UNITED STATES DISTRICT COURT FOR THE DISTRICT OF NEW JERSEY
August 11, 1999
IN RE CENDANT CORPORATION DERIVATIVE ACTION LITIGATION
The opinion of the court was delivered by: William H. Walls, U.S.D.J.
Walls, District Judge
This matter is before the Court on the motions of Cendant Corporation ("Cendant"), the HFS defendants, the CUC defendants, Bear Stearns, and the individual defendants E. Kirk Shelton, Amy Lipton, and Cosmo Corigliano to dismiss the verified amended derivative complaint ("complaint") against them. The motion of defendants Shelton and Corigliano to dismiss Count I of the complaint is granted. The motion of defendant Bear Stearns to dismiss the complaint is granted. Defendant Lipton's motion to dismiss the complaint against her for lack of personal jurisdiction is granted. The CUC defendants' motion to dismiss Counts II and III against defendant Forbes is granted. All other motions are denied.
At all relevant times, plaintiff Martin Deutch is and was a shareholder of nominal defendant Cendant. He brings this shareholder's derivative action, on behalf and for the benefit of Cendant "to remedy the gross abuse of trust and loyalty committed by the defendants named [in the complaint], who include, inter alia, a majority of Cendant's Board of Directors." (Am. Compl. ¶ 1.) This suit arises out of the merger (the "Merger") of CUC International, Inc. ("CUC") with HFS Incorporated ("HFS") to form Cendant on December 17, 1997. During the next four months, Cendant's stock price increased by 25%. (Id. at ¶ 4.) On April 15, 1998, after the close of the stock market, Cendant announced that due to "accounting irregularities" in certain former CUC business units, it expected to restate its annual and quarterly financial statements for 1997 and possibly for earlier periods as well. (Id. at ¶ 5.) Cendant estimated that it would reduce its 1997 income by $100-115 million and earnings per share by 11 to 13 cents. (Id. at ¶¶ 5, 88-89.) Cendant also announced that it had hired the law firm of Willkie Farr & Gallagher as special legal counsel which, in turn, hired Arthur Andersen LLP (the "independent investigators") to perform an independent investigation. The next day, Cendant's stock fell by $16.56 per share or nearly 50%, and Cendant lost over $15 billion in market capitalization. (Id. at ¶¶ 5, 91.) Shareholders filed suits under the securities laws in this and other districts against Cendant, its officers, directors, and other parties. On April 27, 1998, plaintiff Deutch brought this derivative action against nominal defendant Cendant, its officers, directors, and Bear Stearns, the financial advisor to HFS about the Merger.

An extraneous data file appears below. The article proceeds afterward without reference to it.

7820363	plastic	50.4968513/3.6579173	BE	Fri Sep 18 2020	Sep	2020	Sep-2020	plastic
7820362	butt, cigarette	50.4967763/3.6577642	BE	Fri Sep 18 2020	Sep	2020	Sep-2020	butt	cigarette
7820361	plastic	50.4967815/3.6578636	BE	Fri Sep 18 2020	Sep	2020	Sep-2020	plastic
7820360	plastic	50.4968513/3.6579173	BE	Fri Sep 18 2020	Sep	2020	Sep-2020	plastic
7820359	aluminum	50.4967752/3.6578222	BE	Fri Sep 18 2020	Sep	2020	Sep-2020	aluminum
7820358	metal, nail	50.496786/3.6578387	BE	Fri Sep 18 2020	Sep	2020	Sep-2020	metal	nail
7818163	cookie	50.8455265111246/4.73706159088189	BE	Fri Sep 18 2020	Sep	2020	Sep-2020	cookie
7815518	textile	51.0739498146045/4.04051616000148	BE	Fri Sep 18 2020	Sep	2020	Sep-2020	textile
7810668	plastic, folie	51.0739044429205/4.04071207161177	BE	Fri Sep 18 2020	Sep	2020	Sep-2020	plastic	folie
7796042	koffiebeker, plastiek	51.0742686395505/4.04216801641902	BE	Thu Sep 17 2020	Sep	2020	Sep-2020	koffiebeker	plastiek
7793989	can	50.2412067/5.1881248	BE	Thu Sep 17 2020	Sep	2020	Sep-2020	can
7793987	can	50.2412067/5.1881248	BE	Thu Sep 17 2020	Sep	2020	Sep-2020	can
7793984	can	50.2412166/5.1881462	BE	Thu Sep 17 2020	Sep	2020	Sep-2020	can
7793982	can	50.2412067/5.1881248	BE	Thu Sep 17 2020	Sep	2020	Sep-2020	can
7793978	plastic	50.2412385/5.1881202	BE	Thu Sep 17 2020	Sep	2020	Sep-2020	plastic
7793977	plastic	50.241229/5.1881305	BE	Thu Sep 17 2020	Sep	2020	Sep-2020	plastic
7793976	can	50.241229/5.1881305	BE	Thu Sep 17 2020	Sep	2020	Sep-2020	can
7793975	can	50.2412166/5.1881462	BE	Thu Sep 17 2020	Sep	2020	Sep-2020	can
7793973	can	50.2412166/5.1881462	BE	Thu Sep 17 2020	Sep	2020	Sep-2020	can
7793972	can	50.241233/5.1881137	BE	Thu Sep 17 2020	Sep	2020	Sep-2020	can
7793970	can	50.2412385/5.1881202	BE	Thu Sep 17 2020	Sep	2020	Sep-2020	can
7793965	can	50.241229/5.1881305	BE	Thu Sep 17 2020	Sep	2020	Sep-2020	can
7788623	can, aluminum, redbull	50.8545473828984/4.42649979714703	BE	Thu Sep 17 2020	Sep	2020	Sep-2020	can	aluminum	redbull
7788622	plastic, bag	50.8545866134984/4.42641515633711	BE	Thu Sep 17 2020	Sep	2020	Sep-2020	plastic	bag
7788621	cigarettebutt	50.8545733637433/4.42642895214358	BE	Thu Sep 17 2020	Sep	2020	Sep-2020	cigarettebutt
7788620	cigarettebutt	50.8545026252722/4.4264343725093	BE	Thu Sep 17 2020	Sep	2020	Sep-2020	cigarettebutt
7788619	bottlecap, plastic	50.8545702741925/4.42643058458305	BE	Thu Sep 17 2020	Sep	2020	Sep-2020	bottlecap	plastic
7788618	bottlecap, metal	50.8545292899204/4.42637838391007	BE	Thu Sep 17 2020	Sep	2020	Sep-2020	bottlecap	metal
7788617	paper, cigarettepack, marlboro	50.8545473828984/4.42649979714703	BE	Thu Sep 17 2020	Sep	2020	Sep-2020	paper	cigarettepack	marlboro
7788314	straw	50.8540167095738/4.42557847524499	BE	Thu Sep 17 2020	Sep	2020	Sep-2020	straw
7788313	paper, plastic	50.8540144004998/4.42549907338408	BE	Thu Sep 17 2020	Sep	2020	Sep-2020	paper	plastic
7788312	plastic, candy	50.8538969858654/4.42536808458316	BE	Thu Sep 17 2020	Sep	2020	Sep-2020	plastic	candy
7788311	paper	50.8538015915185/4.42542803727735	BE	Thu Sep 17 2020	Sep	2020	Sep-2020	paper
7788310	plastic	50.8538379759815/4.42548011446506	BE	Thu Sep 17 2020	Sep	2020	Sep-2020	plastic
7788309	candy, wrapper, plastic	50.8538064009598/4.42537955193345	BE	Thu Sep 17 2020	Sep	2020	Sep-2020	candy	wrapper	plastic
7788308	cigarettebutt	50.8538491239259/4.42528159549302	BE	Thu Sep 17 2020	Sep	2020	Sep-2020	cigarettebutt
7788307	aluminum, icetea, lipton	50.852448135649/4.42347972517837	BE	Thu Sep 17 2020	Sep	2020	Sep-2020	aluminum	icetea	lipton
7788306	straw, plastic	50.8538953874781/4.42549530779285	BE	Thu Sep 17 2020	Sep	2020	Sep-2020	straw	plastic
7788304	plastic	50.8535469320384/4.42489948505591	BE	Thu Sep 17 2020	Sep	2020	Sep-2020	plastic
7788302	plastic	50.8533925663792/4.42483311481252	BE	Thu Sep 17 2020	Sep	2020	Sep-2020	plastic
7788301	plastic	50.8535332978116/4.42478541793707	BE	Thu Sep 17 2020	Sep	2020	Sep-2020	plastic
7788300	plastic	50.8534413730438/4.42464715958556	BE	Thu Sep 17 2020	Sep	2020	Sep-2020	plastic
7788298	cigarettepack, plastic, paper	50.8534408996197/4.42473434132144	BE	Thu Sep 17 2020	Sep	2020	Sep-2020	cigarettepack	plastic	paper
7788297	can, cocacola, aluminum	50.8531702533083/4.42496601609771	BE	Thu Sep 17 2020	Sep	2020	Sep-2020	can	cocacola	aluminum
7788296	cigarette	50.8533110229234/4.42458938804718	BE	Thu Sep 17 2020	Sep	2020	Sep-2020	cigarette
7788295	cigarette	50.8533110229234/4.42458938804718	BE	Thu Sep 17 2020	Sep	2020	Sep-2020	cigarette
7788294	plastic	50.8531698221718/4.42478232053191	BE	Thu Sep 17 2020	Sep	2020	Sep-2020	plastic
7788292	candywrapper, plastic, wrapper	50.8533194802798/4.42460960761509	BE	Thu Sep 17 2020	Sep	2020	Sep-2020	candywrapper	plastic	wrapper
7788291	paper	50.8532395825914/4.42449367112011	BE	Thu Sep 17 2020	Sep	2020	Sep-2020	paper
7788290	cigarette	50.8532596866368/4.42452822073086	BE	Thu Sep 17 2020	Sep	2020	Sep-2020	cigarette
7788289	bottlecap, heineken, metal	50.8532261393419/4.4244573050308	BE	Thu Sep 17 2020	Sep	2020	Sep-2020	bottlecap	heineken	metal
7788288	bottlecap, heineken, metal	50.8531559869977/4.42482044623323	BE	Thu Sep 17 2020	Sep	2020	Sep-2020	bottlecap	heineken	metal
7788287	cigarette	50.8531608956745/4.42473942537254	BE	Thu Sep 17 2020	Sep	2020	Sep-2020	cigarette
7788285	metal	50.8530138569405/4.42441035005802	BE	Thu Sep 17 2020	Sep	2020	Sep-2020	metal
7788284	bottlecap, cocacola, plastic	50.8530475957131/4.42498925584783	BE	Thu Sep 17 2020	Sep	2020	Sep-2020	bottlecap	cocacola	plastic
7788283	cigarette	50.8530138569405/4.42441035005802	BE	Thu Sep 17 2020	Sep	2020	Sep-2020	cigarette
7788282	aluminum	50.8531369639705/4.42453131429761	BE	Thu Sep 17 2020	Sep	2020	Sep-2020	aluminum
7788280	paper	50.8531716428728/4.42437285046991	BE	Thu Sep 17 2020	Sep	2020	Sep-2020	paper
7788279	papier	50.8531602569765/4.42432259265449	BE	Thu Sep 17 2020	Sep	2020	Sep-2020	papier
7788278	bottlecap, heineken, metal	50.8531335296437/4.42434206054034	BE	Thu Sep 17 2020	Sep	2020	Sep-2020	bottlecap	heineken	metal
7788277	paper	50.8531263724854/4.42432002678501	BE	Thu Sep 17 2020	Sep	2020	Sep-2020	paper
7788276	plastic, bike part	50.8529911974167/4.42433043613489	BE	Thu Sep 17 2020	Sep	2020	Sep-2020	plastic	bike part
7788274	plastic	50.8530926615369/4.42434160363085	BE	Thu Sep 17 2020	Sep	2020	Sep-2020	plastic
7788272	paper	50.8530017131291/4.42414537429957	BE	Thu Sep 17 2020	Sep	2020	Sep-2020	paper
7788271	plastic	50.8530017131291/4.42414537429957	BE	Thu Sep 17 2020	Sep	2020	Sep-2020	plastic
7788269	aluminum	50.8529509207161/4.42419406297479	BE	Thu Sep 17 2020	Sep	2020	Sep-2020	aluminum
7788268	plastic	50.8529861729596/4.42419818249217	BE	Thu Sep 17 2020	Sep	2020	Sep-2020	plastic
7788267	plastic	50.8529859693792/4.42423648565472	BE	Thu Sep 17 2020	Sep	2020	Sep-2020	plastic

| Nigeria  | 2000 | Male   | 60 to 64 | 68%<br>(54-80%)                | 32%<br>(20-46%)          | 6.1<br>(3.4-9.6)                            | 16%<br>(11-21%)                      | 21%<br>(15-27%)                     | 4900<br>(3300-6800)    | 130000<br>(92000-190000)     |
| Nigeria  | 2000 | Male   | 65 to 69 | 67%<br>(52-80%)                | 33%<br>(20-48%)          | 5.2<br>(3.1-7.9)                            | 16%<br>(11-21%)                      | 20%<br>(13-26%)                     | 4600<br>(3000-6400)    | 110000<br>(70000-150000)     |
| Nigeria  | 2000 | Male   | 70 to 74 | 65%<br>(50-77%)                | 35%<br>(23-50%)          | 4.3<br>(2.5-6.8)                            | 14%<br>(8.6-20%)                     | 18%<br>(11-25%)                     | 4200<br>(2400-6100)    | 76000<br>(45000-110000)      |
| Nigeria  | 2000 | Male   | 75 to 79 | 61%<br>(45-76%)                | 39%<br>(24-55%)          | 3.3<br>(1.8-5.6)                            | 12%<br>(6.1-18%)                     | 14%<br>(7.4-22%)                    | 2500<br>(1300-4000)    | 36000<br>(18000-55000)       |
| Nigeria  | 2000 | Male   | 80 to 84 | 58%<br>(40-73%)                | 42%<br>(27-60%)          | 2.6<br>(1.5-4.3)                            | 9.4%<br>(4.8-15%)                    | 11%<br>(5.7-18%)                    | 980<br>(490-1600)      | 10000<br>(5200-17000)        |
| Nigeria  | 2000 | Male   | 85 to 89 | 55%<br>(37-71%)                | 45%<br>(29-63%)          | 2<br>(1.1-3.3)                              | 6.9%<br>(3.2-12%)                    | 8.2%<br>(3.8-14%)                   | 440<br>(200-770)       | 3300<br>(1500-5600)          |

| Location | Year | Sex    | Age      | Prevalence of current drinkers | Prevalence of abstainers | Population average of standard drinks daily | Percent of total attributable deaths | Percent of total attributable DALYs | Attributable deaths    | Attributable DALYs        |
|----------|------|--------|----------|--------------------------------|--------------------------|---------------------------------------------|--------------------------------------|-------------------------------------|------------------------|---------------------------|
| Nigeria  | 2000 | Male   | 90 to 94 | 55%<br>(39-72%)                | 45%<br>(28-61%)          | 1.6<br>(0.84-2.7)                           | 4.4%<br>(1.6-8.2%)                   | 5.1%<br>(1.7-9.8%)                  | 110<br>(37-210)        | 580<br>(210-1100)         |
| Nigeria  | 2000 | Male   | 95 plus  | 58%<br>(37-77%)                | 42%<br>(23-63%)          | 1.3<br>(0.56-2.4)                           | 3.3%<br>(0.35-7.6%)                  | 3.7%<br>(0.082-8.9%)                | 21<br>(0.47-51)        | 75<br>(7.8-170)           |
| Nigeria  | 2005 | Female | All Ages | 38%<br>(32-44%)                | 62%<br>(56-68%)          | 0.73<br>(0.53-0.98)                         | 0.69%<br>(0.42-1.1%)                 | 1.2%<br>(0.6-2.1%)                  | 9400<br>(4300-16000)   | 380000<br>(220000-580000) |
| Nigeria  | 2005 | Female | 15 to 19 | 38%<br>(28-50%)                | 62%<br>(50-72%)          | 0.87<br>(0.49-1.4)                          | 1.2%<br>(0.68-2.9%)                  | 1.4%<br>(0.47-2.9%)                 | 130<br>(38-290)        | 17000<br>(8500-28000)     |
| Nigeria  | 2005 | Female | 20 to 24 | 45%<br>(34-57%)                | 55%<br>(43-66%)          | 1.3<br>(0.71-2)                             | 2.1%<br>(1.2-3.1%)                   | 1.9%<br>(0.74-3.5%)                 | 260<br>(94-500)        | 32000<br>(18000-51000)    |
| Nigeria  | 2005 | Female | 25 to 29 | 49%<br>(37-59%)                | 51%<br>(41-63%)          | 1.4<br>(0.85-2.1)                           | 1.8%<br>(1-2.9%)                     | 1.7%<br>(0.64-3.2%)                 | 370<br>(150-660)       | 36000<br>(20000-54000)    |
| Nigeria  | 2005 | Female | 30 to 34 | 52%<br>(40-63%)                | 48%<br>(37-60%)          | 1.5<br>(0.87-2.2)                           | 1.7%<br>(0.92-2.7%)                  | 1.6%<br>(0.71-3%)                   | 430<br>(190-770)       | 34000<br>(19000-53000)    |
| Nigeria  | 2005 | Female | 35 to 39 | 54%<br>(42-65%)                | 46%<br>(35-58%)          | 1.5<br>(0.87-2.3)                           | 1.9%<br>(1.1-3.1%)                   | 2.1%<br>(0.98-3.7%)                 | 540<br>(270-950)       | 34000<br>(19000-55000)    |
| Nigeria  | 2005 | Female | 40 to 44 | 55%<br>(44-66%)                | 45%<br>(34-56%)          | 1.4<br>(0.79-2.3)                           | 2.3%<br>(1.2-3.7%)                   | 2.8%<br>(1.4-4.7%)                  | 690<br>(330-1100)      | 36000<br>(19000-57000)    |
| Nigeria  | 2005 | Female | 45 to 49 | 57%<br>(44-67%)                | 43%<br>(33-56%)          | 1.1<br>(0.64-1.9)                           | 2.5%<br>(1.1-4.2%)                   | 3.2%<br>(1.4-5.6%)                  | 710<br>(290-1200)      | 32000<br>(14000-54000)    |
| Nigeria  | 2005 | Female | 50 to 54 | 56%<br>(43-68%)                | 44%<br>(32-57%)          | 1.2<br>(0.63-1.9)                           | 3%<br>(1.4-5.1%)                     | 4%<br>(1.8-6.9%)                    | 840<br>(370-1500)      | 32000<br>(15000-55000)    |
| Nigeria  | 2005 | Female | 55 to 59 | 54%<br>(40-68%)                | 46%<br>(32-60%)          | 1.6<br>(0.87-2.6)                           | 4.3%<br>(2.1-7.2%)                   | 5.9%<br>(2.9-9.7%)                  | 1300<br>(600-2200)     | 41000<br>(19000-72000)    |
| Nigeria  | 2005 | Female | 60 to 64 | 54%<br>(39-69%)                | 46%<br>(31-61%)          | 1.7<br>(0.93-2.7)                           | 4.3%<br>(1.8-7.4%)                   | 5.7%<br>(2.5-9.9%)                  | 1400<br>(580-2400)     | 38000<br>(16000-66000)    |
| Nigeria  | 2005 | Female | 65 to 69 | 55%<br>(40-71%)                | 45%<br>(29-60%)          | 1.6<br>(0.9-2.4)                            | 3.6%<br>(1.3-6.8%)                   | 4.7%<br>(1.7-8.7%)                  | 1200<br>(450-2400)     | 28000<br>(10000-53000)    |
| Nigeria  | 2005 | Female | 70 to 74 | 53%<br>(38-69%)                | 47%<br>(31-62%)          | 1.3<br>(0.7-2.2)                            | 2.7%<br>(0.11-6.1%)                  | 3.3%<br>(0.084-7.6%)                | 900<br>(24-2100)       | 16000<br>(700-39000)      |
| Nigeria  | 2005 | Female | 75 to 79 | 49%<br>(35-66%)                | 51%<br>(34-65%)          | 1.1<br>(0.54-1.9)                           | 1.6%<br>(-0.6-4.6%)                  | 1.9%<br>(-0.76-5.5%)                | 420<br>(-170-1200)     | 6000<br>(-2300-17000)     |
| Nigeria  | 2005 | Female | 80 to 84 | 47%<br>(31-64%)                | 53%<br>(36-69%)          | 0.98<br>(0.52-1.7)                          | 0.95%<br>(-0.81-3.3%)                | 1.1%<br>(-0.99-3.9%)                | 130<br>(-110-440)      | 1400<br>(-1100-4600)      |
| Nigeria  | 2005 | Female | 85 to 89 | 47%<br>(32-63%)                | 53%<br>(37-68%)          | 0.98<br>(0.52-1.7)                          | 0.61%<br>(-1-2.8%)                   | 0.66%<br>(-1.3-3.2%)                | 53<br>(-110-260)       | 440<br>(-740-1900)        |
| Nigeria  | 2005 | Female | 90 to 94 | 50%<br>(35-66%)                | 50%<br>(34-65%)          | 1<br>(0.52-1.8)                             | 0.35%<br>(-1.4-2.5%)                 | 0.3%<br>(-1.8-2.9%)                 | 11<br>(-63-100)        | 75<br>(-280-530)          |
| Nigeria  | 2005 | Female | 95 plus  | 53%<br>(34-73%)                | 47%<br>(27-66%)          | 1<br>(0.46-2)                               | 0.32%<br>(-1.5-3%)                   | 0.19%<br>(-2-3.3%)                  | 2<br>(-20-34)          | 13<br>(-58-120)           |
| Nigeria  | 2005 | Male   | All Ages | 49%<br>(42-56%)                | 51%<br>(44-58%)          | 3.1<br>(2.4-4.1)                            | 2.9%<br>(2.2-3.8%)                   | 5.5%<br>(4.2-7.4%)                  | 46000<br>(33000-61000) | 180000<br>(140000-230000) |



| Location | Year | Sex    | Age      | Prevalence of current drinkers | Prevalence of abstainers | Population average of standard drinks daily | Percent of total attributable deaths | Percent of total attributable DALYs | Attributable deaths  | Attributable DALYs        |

On July 14, 1998, Cendant announced that CUC's income for the 1995, 1996, and 1997 fiscal years had been overstated by more than $500 million. (Id. at ¶ 6.) Following this announcement, on July 28, 1998, Cendant's board of directors met with the independent investigators. (Id. at ¶ 7.) On that day, Walter Forbes and nine former CUC directors agreed to resign. (Id. at ¶¶ 7-8.) Finally, on August 28, 1998, Cendant filed with the SEC a report ("Report") prepared by the independent investigators which disclosed that CUC and Cendant's income for 1995, 1996, and 1997 had been overstated by approximately $500 million. (Id. at ¶ 117.) The Report concluded that these overstatements were achieved through improper topside adjustments to quarterly income, manipulation of merger reserves, accelerated revenue recognition, and the understatement of membership cancellation reserves. (Id.) On December 8, 1998, plaintiff filed this amended verified derivative complaint which defendants now move to dismiss.
Plaintiff alleges that Cendant's twenty-eight directors (fourteen from CUC and fourteen from HFS) "improperly granted themselves and Cendant's senior officers enormous financial incentives to complete the Merger and created enormous incentives for its investment banker, Bear Stearns to opine in favor of the Merger." (Pl.'s Mem. at 2.) Plaintiff complains that "to ensure the Merger's completion, Defendants issued numerous materially false and misleading statements regarding [Cendant's] income and finances, and the Defendants' due diligence in the Merger." (Id.) Plaintiff Deutch did not demand that the directors of Cendant sue themselves because, he maintains, such demand would have been futile.
Plaintiff has sued Cendant as a nominal defendant, together with the Bear Stearns Companies, Inc. and its subsidiary, Bear Stearns and Co., Inc., engaged by HFS as its advisor on the Merger (collectively the "Bear Stearns defendants"), and individual defendants who were officers and/or directors of Cendant. The individual defendants are Henry R. Silverman, Walter A. Forbes, T. Barnes Donnelley, Martin L. Edelman, Stanley Rumbough, Jr., John D. Snodgrass, Stephen P. Holmes, James E. Buckman, Bartlett Burnap, Burton C. Perfit, Michael P. Monaco, Christopher K. McLeod, Robert D. Kunisch, E. Kirk Shelton, Robert T. Tucker, E. John Rosenwald, Jr., Cosmo Corigliano, and Amy N. Lipton. (Am. Compl. ¶ 18.) With the exception of defendants Lipton and Corigliano, the individual defendants comprised a majority of Cendant's board of directors at the time this suit was filed and are referred to in the complaint as the "Director Defendants." (Id.)